Seven Simple Rules for Health Care Reform
by Richard E. Ralston (April 30, 2008)
The status quo in American health care is indefensible—an expensive regulatory and bureaucratic mess. What that calls for, however, is not more layers of regulation and complicated mandates. Nor should government take over health care completely and run it as part of a political spoils system.
State government proposals have proven too expensive in California and have collapsed. In Massachusetts expenses for mandatory insurance after one year are spiraling out of control faster than budgets can be printed. New recommendations in Colorado and elsewhere are being shelved because they are also too expensive to be considered at present. The alternative is one of elegance and simplicity: adopt changes now that require no new government expense, but that remove regulatory complexity and allow freedom of choice. To achieve that end, we need to adopt a few simple rules.
The first simple rule: Make all medical services, insurance and personal savings for such expenses exempt from all federal, state and local income and payroll taxes. Those who complain about the cost of medical care and insurance must be confronted with the fact that if we cannot afford medical care, we surely cannot afford to pay taxes on the money we set aside for it.
The second simple rule: Allow an individual or corporate tax deduction equal to double the value of the service for all charity care by medical care providers. At one time America had a vigorous network of private charity care, which was largely destroyed by the government barging in. We need to restore that environment of private charity, which was more efficient, effective and compassionate.
The third simple rule: Pass legislation now proposed in the U.S. Congress that would give every individual or business the ability to purchase insurance in a national market, from insurance companies in any state. That would allow for ownership of health insurance that is more affordable and can follow individuals from job to job and state to state. The increased competition between insurance companies would restrain the cost of insurance.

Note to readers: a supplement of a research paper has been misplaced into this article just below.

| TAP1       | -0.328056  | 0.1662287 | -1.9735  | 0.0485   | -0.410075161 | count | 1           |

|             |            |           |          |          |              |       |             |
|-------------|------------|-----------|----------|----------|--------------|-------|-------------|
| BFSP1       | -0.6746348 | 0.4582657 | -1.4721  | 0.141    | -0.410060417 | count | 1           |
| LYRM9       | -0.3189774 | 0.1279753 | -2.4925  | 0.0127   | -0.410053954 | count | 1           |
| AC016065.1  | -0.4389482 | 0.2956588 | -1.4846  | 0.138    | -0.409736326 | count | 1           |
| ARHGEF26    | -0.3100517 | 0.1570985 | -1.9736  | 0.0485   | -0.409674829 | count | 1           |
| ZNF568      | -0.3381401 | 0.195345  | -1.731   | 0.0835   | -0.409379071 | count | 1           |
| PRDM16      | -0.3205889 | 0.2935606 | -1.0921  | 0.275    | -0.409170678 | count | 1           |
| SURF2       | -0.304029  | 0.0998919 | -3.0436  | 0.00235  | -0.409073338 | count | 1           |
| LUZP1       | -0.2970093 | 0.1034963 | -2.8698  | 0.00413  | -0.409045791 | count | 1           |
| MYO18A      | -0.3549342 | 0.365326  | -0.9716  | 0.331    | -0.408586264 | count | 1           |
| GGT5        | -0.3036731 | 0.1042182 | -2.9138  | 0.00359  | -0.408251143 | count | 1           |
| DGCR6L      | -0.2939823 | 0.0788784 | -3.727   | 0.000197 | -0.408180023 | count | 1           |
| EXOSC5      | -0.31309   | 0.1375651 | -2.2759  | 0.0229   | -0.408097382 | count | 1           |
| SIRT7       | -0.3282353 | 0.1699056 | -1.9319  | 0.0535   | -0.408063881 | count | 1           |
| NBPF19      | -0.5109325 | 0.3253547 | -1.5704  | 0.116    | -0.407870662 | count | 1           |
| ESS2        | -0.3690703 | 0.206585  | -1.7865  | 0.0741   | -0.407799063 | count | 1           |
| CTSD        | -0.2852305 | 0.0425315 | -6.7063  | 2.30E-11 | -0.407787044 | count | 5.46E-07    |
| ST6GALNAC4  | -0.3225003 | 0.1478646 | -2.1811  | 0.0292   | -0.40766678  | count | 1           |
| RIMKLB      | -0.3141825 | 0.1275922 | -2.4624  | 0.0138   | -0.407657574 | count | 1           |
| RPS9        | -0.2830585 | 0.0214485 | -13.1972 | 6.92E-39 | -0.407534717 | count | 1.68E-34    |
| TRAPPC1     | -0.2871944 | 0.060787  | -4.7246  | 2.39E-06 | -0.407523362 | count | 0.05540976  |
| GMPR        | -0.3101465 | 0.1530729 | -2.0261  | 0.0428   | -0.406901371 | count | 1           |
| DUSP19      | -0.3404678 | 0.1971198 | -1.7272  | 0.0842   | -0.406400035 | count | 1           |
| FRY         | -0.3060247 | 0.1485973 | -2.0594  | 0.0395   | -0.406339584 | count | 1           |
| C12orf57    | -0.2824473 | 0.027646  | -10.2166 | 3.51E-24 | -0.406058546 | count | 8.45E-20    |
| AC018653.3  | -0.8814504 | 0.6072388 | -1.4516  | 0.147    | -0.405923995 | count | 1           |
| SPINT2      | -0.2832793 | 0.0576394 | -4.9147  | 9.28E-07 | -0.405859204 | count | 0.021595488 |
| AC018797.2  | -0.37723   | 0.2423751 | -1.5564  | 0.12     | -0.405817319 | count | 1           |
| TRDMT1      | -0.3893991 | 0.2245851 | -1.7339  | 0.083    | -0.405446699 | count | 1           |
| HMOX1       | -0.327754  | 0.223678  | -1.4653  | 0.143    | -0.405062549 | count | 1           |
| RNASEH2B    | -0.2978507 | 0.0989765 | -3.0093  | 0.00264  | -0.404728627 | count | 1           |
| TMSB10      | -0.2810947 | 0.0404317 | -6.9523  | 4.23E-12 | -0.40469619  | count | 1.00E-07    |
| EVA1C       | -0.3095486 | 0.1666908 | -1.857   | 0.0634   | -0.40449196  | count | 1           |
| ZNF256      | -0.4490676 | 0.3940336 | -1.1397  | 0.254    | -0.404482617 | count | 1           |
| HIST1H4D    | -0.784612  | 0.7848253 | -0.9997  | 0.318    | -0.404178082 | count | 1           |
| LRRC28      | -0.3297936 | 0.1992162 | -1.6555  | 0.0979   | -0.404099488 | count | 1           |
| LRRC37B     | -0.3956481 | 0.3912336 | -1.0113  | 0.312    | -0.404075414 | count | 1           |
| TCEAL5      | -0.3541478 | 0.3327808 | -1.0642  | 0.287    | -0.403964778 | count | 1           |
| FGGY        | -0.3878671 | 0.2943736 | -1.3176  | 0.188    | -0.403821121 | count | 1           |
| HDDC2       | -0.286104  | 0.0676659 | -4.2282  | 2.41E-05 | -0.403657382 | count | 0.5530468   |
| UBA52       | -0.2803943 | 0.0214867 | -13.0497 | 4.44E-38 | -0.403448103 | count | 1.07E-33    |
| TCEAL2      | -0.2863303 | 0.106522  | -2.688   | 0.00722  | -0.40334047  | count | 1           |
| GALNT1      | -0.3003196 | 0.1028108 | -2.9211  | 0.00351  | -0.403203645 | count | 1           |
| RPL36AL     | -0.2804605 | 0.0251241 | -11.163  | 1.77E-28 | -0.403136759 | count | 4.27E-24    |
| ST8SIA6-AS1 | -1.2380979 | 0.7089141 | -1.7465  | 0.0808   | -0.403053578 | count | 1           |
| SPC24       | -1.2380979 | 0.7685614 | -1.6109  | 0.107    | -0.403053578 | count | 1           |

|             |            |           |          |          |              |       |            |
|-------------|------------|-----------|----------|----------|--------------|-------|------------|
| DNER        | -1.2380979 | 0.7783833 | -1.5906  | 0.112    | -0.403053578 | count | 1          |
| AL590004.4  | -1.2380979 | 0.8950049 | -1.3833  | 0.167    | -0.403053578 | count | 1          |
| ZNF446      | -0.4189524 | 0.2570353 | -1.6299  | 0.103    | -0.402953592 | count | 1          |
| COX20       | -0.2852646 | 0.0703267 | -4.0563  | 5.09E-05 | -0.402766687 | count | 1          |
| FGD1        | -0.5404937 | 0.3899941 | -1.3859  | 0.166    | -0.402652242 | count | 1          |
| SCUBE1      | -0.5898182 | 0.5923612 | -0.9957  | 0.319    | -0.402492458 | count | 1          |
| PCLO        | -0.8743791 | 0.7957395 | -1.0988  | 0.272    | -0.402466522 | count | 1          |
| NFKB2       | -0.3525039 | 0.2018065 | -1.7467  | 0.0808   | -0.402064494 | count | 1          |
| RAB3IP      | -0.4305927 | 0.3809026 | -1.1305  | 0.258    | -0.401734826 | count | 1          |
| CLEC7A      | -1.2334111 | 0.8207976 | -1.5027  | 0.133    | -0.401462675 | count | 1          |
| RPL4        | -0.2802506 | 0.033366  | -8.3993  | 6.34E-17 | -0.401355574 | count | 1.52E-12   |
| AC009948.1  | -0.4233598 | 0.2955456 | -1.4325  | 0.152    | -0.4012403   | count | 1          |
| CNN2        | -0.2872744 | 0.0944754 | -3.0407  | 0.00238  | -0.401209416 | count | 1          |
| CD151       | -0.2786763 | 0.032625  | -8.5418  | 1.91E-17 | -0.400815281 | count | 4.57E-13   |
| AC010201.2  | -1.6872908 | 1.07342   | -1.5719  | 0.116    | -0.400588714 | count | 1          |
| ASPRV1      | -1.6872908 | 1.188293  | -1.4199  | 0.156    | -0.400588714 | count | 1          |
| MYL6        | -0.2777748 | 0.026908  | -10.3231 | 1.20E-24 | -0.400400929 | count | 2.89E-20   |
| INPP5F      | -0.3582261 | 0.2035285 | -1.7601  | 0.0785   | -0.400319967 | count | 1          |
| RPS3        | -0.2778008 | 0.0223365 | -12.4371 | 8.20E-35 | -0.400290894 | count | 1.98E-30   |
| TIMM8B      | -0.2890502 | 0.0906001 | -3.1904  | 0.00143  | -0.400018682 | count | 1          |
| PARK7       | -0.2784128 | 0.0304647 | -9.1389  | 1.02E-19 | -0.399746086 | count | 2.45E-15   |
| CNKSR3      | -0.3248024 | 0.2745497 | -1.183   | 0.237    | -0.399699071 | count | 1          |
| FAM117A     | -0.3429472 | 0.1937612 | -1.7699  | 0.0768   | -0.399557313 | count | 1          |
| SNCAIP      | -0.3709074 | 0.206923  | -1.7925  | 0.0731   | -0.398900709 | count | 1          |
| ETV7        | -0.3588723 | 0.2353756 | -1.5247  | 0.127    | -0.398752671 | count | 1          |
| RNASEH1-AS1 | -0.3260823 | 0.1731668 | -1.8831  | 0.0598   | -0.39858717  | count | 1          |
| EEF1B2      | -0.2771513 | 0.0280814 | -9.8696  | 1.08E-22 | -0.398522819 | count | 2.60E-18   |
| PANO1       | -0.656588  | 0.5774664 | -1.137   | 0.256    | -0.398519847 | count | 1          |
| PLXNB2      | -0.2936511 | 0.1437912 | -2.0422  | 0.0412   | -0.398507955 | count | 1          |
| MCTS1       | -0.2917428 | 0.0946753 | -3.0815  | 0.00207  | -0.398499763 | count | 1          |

The fourth simple rule: Allow the purchase of basic health insurance with high deductibles and low premiums that covers major illness or injury and annual exams, in conjunction with tax-free accounts for out-of-pocket expenses, such as deductibles. That, more than anything, would make insurance premiums more affordable for Americans who fear the financial consequences of health misfortune.
The fifth simple rule: Broaden the availability of optional coverage provided by Medicare Advantage, but allow for additional tax-deductible premiums to be paid by those seniors who elect such options. More choices from more options should be available to retirees—but not paid for by taxpayers. This would allow for expanded and more efficient coverage, and reintroduce an element of competition to those who seek to provide health care to seniors.
The sixth simple rule: Allow Medicare patients to utilize their Health Savings Accounts to pay for services from their Medicare physicians. This could bring thousands of doctors back into the Medicare program overnight and eliminate the ridiculous and unjust prohibition on those who want to spend their own money on their medical care.
The seventh simple rule: Limit non-economic or punitive damages in all malpractice or other litigation against medical providers or drug and medical equipment firms to a maximum of $250,000 (indexed for inflation). This would wring the bonanza for a few law firms out of the current ocean of litigation—and the high cost of "defensive medicine" now practiced by providers as protection against such legal extortion. The effect would be a reduction in the cost of medical care and insurance for everyone.
While these changes would result in more efficient, affordable and uncomplicated health care, achieving them will be no simple matter—thanks to those who oppose any improvements as an obstacle to massive new government controls. But we can stop new regulations, mandates, taxes, government spending and administrative agencies. We can uphold the rational alternative—freedom and personal choice—which can improve the quality and affordability of health care without government spending.
Monday, May 5, 2008
Seven Simple Rules for Health Care Reform
Richard E. Ralston, Executive Director of Americans for Free Choice in Medicine, has the following nice piece on genuine health care reform: